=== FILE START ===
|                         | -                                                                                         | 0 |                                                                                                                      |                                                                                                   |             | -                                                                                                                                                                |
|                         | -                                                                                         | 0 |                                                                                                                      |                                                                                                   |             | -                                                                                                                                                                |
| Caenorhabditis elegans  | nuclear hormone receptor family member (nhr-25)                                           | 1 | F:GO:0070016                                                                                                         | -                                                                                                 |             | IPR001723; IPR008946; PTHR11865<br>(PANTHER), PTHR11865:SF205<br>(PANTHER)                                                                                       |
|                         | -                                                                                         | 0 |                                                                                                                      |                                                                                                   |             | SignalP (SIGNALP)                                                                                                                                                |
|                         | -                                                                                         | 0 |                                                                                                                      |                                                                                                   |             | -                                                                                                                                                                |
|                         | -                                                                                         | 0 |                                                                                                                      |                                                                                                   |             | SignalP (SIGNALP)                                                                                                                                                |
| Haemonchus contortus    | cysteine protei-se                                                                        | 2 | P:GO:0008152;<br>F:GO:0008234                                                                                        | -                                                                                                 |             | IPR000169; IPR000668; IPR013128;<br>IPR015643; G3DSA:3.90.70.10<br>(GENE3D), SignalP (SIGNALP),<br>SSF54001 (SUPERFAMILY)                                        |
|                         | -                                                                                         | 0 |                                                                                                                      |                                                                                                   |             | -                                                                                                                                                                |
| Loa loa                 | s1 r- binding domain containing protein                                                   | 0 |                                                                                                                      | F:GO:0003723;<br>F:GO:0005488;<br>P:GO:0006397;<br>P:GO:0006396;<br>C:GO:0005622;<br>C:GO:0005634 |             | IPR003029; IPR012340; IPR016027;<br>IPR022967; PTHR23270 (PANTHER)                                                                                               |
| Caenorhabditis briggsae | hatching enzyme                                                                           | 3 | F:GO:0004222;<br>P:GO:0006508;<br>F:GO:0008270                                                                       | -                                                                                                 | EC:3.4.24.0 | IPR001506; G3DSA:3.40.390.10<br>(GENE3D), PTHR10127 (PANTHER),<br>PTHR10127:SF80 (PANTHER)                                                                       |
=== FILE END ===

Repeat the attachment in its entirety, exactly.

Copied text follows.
|                         | -                                                                                         | 0 |                                                                                                                      |                                                                                                   |             | -                                                                                                                                                                |
|                         | -                                                                                         | 0 |                                                                                                                      |                                                                                                   |             | -                                                                                                                                                                |
| Caenorhabditis elegans  | nuclear hormone receptor family member (nhr-25)                                           | 1 | F:GO:0070016                                                                                                         | -                                                                                                 |             | IPR001723; IPR008946; PTHR11865<br>(PANTHER), PTHR11865:SF205<br>(PANTHER)                                                                                       |
|                         | -                                                                                         | 0 |                                                                                                                      |                                                                                                   |             | SignalP (SIGNALP)                                                                                                                                                |
|                         | -                                                                                         | 0 |                                                                                                                      |                                                                                                   |             | -                                                                                                                                                                |
|                         | -                                                                                         | 0 |                                                                                                                      |                                                                                                   |             | SignalP (SIGNALP)                                                                                                                                                |
| Haemonchus contortus    | cysteine protei-se                                                                        | 2 | P:GO:0008152;<br>F:GO:0008234                                                                                        | -                                                                                                 |             | IPR000169; IPR000668; IPR013128;<br>IPR015643; G3DSA:3.90.70.10<br>(GENE3D), SignalP (SIGNALP),<br>SSF54001 (SUPERFAMILY)                                        |
|                         | -                                                                                         | 0 |                                                                                                                      |                                                                                                   |             | -                                                                                                                                                                |
| Loa loa                 | s1 r- binding domain containing protein                                                   | 0 |                                                                                                                      | F:GO:0003723;<br>F:GO:0005488;<br>P:GO:0006397;<br>P:GO:0006396;<br>C:GO:0005622;<br>C:GO:0005634 |             | IPR003029; IPR012340; IPR016027;<br>IPR022967; PTHR23270 (PANTHER)                                                                                               |
| Caenorhabditis briggsae | hatching enzyme                                                                           | 3 | F:GO:0004222;<br>P:GO:0006508;<br>F:GO:0008270                                                                       | -                                                                                                 | EC:3.4.24.0 | IPR001506; G3DSA:3.40.390.10<br>(GENE3D), PTHR10127 (PANTHER),<br>PTHR10127:SF80 (PANTHER)                                                                       |